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Intellistreets Goes Live In Farmington Hills

A stretch of 10 Mile Road just east of Orchard Lake Road in Farmington Hills has officially become a test bed for a new brand of intelligent street lamp.

The Intellistreets system from Farmington Hills-based lighting contractor Illuminating Concepts places energy-efficient, wirelessly controlled LED lighting atop metal poles.

As options, the system also offers speakers, LED signs, cameras and crowd counters.

The poles along 10 Mile Road were officially dedicated Friday morning in a ceremony attended by U.S. Rep. Gary Peters (D-Bloomfield Hills), Oakland County Deputy Executive and CIO Phil Bertolini and Farmington Hills Mayor Jerry Ellis.

Illuminating Concepts founder Ron Harwood said the system was "born in the parks of Disney and Universal," where "imagineers" sought better ways to guide huge crowds of happy people -- and to keep them safe if anything dangerous happened.

After the terror attacks of Sept. 11, 2001 and Hurricane Katrina in 2005, Harwood said, Intellistreets also took up the task of helping first responders and guiding crowds safely around disaster scenes to safety and shelter.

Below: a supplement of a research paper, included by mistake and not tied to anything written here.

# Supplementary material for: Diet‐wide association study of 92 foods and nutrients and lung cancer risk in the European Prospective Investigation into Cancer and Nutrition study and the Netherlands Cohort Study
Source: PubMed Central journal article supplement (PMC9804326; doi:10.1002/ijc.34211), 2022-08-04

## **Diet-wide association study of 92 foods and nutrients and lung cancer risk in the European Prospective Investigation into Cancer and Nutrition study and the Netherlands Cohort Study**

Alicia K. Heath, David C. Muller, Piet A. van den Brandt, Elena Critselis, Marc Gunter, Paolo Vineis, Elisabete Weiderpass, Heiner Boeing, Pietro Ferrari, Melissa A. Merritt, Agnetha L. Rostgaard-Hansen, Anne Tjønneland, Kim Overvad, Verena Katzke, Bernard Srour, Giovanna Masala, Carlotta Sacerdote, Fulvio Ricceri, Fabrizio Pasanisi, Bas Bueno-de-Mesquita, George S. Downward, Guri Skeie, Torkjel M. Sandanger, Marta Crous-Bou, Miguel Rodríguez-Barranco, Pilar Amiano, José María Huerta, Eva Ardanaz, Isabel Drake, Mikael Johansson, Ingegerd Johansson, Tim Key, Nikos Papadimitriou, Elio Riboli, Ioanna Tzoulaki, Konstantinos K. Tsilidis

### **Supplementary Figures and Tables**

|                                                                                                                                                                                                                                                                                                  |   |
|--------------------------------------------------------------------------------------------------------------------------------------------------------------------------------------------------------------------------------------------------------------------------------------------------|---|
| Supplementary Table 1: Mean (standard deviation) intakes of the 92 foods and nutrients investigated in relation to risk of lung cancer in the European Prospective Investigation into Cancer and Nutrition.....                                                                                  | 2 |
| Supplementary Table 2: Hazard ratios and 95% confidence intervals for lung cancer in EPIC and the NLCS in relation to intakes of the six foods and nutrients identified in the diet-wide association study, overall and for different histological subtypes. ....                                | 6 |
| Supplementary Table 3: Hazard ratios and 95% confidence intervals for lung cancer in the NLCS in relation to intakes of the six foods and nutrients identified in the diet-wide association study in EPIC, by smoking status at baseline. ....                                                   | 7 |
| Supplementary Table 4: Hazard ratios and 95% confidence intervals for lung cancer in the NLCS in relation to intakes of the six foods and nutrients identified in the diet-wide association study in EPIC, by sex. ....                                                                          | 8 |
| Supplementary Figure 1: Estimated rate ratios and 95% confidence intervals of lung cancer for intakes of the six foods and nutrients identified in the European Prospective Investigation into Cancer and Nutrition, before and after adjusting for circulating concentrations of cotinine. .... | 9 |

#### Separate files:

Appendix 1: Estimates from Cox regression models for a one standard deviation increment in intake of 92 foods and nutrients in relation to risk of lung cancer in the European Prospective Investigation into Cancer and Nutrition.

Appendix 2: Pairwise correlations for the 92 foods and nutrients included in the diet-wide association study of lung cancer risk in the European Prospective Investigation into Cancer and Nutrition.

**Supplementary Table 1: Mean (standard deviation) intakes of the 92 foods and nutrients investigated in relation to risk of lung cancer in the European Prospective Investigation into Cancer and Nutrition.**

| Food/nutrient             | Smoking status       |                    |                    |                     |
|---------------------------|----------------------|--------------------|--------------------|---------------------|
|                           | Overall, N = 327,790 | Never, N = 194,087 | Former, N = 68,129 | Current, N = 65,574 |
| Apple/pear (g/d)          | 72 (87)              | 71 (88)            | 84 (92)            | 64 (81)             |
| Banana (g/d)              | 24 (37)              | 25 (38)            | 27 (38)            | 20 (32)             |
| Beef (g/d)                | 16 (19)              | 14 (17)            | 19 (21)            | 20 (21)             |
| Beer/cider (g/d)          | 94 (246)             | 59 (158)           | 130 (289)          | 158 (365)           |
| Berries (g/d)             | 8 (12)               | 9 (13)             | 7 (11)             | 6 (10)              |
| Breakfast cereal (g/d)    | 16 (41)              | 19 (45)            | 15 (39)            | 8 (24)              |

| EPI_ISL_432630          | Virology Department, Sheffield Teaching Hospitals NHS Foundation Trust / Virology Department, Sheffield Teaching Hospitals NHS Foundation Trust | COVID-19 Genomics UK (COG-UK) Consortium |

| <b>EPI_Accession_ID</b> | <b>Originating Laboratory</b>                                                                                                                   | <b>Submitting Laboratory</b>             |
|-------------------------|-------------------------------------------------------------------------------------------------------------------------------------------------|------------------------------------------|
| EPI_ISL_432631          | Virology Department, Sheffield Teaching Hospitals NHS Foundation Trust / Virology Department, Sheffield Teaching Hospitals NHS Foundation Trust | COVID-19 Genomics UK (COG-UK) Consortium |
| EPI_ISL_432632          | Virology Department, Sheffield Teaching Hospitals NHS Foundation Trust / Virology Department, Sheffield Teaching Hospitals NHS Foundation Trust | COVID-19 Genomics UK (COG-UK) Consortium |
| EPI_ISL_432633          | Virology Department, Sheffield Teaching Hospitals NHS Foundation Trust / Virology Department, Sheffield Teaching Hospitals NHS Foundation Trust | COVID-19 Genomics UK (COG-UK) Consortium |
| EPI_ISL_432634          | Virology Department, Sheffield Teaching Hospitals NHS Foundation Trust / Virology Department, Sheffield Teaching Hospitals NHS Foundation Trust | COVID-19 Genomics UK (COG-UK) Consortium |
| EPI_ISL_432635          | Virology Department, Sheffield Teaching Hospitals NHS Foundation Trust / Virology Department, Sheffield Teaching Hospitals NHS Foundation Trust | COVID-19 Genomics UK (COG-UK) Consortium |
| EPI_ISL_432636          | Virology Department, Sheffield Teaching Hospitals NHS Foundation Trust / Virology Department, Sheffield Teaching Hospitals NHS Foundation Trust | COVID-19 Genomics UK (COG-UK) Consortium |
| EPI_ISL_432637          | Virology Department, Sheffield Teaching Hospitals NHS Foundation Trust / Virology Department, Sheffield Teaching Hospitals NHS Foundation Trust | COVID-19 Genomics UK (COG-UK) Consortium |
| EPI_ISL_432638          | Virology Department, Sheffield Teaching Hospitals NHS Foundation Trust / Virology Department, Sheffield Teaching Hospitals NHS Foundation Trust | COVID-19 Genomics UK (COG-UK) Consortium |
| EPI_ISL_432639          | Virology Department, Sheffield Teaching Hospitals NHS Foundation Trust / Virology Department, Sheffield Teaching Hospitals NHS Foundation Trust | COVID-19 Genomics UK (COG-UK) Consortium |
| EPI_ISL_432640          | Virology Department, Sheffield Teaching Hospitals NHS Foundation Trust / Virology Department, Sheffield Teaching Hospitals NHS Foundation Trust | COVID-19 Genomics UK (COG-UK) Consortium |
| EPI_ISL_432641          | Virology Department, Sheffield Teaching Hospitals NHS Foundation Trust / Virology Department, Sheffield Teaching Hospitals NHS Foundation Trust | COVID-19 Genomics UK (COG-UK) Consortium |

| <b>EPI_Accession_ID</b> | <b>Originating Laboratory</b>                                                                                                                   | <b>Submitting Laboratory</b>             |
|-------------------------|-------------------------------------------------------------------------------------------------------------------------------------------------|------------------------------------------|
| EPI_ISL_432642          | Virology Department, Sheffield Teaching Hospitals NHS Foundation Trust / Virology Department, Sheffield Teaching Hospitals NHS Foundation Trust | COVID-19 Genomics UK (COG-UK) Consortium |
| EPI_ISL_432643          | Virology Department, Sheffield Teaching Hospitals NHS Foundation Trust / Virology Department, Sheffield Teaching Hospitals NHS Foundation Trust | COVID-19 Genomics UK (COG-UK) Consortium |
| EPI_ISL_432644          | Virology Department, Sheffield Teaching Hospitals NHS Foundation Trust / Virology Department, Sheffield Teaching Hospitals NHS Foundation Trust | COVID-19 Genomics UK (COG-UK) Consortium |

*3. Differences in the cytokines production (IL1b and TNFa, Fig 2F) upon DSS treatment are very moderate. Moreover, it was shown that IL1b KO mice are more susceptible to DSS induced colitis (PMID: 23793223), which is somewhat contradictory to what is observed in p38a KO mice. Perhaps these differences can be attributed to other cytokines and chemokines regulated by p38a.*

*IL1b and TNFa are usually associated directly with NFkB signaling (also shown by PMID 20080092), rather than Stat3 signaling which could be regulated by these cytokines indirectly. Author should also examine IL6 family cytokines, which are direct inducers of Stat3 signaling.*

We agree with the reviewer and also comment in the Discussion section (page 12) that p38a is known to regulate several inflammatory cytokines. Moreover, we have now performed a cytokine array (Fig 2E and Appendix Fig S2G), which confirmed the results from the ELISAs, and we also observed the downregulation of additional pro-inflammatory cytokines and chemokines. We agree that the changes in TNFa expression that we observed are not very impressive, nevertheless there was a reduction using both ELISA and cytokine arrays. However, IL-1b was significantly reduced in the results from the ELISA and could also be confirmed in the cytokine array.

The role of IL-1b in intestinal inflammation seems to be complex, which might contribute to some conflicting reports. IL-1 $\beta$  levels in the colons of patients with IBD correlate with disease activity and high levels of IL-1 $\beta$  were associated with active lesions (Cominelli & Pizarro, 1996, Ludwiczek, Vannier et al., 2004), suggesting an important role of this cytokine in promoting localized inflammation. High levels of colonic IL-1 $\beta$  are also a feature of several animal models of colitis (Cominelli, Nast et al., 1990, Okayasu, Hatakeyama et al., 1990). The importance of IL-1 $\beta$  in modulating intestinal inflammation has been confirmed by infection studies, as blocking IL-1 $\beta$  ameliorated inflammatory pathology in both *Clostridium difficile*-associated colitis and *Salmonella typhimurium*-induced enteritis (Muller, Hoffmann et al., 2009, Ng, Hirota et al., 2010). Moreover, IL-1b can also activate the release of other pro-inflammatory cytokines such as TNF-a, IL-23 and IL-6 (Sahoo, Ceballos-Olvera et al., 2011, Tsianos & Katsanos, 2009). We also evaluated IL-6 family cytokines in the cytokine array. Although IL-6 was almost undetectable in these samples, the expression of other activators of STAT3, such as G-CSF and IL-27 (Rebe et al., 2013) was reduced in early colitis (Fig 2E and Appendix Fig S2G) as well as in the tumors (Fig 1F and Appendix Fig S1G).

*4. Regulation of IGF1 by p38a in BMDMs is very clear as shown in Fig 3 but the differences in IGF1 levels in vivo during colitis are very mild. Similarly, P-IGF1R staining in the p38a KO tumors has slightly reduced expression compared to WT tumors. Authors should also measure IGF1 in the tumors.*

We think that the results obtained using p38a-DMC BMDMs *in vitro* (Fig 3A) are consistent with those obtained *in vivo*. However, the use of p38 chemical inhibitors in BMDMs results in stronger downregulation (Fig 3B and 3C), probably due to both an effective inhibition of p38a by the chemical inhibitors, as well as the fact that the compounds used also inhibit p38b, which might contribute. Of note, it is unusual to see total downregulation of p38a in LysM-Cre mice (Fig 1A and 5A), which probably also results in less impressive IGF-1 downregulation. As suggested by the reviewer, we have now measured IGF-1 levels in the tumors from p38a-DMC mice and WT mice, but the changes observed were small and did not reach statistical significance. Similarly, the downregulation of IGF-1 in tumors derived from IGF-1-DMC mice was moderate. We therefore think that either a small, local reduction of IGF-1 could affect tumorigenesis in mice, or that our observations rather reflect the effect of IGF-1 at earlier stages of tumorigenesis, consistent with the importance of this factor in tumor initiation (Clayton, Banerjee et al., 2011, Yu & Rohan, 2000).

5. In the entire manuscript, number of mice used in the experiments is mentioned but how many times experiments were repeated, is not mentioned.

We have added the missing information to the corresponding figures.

Basically, the signs can be programmed by authorities to show any message -- a civic welcome, directions to parking for festivals or farmer's markets, maps, pretty much anything the imagination can conceive.

In emergencies, they can also post pictures of children being sought in Amber Alerts or the location of toxic chemical releases or the paths of tornadoes (and more importantly, how to stay away from those dangerous areas).

Jeff Stribbell, business development director at Illuminating Concepts, said the signs' wireless controls are double-encrypted, and the control center for the signs can reside anywhere the municipality or authority involves decides it should -- right down to, for instance, the fire chief's smartphone.

The Intellistreets concept has drawn online criticism from civil liberties and religious Web sites, where posters fear it will be used to track citizens.

Harwood and Stribbell dismissed those complaints and said there's no such intent. Stribbell said the people-watching part of the signs is intended to collect information to be used in economic development and traffic planning.

And Harwood said of the criticism: "The irony is, the first, most important part of this system is to save energy. Its electronics are so smart that it can create light only as needed." He called Intellistreets overall "a nonpolitical, life-saving, energy-saving invention."

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